If you live in or have viewed properties in “LEED* Platinum certified” Olympic Village, you will likely have come across radiant floor or radiant ceiling heating technology- two similar and very popular types of energy efficient unit heat sources. Though radiant and ceiling heating seem similar they also have some quite distinct differences- so what’s the difference between the two? Is one better than the other? Let’s take a look at the advantages and disadvantages of each one.
Radiant floor heating is definitely one of the most popular types of energy efficient heat sources that is growing in success and amounting a long list of satisfied customers. Because of this it’s difficult to criticize radiant floor heating technology. They are among the most comfortable and efficient means of distributing heat in most homes when done well and in the proper circumstances. However, this type of heating is not without it’s limitations.
First, the maximum surface temperature of a radiant floor is around 87F (about 45 Btu per square foot). If the floor is operated above this temperature, the occupants are likely to complain of uncomfortably hot and sweaty feet.
Secondly, radiant floors are limited by the amount of energy that can penetrate resistant floor coverings, such as certain wood and carpeted floors. In many cases, these materials limit the actual output to less than 20 Btu per square foot. Unfortunately, these are the types of flooring we see used in the more chic, sophisticated rooms, with large windows and high heating loads. Also, floor coverings are likely to change significantly over the life of the unit depending on various owners design tastes over the years.
Now, radiant ceilings on the other hand, can easily operate at surface temperatures up to 100 F, delivering in excess of 55 Btu per square foot. Since ceilings are typically constructed of sheet rock, they offer very little resistance to thermal transfer. Unless the owners make a drastic change to the ceiling material, it’s likely the output of the ceiling won’t change during the life of the home. When speaking of radiant ceilings and comfort, there seems to be some conceptual misunderstandings.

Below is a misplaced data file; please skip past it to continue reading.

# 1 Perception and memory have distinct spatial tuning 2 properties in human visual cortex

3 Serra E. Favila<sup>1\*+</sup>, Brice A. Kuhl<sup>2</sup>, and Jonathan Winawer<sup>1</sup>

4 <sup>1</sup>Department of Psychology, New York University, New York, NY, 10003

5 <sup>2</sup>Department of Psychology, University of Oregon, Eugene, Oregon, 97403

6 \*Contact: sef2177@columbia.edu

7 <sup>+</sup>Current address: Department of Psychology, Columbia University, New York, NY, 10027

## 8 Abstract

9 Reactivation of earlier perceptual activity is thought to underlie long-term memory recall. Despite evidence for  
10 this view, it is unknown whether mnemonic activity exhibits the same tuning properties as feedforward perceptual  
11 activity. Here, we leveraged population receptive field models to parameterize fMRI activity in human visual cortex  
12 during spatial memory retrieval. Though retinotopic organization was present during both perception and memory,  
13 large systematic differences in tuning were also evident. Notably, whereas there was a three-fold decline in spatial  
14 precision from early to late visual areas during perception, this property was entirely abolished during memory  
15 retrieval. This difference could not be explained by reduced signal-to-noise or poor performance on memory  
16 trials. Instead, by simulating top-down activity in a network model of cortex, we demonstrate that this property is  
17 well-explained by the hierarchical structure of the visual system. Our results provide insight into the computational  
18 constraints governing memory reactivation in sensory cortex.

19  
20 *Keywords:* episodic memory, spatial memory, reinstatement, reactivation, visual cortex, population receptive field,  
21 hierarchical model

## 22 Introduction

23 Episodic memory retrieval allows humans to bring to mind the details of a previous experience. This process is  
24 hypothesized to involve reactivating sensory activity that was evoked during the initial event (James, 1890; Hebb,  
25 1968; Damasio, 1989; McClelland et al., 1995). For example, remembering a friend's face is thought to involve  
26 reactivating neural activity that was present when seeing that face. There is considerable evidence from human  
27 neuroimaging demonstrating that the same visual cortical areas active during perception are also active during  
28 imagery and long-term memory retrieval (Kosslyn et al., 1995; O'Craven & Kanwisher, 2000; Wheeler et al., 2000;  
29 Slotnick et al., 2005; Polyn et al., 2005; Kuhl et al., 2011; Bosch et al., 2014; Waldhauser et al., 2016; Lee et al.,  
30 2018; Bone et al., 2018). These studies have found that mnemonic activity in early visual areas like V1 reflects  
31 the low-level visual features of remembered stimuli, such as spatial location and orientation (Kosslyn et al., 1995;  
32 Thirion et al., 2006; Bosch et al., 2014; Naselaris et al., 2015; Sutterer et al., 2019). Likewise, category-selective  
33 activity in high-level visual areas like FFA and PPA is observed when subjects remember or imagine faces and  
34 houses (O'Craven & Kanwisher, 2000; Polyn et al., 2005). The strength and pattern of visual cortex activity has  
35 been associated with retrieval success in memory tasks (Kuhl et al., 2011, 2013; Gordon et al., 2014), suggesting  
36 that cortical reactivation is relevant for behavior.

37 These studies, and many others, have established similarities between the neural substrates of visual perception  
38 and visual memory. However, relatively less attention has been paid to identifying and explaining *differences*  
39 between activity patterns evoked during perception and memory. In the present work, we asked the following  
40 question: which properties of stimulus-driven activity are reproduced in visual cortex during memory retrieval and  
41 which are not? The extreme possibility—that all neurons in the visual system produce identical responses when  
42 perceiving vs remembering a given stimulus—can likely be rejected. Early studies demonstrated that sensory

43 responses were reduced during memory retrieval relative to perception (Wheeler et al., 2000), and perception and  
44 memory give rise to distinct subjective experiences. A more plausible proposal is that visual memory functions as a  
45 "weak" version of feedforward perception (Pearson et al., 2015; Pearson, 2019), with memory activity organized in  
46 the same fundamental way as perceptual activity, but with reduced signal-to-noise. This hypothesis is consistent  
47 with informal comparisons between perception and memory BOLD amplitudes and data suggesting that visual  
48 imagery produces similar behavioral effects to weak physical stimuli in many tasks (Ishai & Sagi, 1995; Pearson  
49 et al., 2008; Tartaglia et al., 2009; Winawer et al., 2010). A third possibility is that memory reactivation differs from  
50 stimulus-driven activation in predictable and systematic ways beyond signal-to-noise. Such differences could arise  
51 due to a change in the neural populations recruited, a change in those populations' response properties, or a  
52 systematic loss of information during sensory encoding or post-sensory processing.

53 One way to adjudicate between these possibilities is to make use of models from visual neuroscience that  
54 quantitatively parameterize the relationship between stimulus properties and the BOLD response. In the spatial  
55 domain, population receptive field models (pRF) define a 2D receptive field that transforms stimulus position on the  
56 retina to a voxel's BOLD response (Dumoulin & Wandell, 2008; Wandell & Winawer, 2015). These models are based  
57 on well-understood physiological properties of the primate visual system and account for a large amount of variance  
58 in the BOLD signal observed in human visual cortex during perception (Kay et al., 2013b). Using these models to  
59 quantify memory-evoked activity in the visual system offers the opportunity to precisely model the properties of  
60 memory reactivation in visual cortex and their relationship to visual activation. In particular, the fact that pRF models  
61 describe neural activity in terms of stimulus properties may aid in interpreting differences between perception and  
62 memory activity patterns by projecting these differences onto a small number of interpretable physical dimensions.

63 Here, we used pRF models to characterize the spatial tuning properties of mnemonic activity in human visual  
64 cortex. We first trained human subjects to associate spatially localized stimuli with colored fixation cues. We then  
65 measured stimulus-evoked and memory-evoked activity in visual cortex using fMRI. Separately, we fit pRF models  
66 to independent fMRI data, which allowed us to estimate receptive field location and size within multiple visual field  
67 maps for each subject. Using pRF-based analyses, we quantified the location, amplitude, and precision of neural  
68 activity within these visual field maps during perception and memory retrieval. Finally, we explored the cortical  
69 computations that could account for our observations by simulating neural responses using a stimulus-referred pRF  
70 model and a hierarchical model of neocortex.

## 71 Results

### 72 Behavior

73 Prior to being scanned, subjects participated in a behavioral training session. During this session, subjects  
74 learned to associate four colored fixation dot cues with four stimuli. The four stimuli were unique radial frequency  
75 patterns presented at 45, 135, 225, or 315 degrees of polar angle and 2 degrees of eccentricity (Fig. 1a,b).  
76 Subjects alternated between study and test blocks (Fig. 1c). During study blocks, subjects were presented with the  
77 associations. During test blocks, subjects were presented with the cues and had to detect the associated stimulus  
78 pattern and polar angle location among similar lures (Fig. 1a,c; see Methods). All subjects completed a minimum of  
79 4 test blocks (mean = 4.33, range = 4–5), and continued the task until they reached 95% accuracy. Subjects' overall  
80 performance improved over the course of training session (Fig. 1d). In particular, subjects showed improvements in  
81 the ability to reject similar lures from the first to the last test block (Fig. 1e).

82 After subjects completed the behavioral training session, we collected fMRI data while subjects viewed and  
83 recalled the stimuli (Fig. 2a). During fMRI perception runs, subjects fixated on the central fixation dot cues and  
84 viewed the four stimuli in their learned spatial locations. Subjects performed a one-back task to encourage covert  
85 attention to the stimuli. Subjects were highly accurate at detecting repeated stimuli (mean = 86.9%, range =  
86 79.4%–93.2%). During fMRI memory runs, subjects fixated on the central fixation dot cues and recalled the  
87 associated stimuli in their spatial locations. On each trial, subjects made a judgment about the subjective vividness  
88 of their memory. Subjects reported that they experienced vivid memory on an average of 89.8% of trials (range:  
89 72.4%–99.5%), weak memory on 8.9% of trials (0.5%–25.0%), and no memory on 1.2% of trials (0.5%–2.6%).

One myth is that heat rises, therefore you’ll have a hot head and cold feet. That’s simply not true. Heat doesn’t rise… hot air rises! In radiant systems, the unit is heated without heating the air. Actually, there is typically more hot air rising with a radiant floor than with a radiant ceiling. This is because air molecules that come into contact with the radiant ceiling already occupy the highest strata. In radiant floors, the cooler molecules sink and come into contact with the warm floor surface and rise as their density changes with heat, driving the convective forces that cause stratification. Under normal conditions neither radiant floors or radiant ceilings heat the air to an uncomfortable level such as in forced air systems, however.
Another misunderstanding about radiant floors and ceilings involves the surface temperatures that are achieved. Just as the overhead rays of the sun are absorbed by the beach sand, radiant ceilings warm the floor therefore there are no cold floors in radiant ceiling heated properties.
A question that is quite often raised however is “Will objects placed on the radiant floor slow down the flow of energy?”. Large rugs, and some furnishings such as sofas and beds can reduce the usable floor area, increasing the Btu load per square foot, and, perhaps, exceeding the system capability. Radiant ceilings are not subject to these types of problems.Radiant ceilings accelerate fast and dissipate energy fast as well. The responsiveness of radiant ceilings makes them excellent for modern controls, placing energy where it is needed when it is needed, and achieving superior comfort and efficiency. Some high mass radiant floors are delayed in that they take a long time to heat up to meet the load.
Installation-wise, radiant ceilings cost far less than radiant floors. In fact, in most cases they cost less than half of a radiant floor. Lower cost means more opportunity. They take less effort to design and install. Radiant ceilings are great for retrofit scenarios. It is very inexpensive and relatively easy to lower a ceiling to accommodate the radiant ceiling, but difficult to raise a floor. Radiant ceilings are not optimal over a concrete slab placed on the grade of the earth. Radiant floors are best for these situations. Radiant floors are also preferred in rooms with smooth surface floors, such as bathrooms, where one is likely to be barefoot.
Both radiant ceilings and radiant floors are reliable, energy efficient heat sources but when push comes to shove, the heat losses are high and the floor coverings are plush, radiant ceilings arguably cannot be beat.
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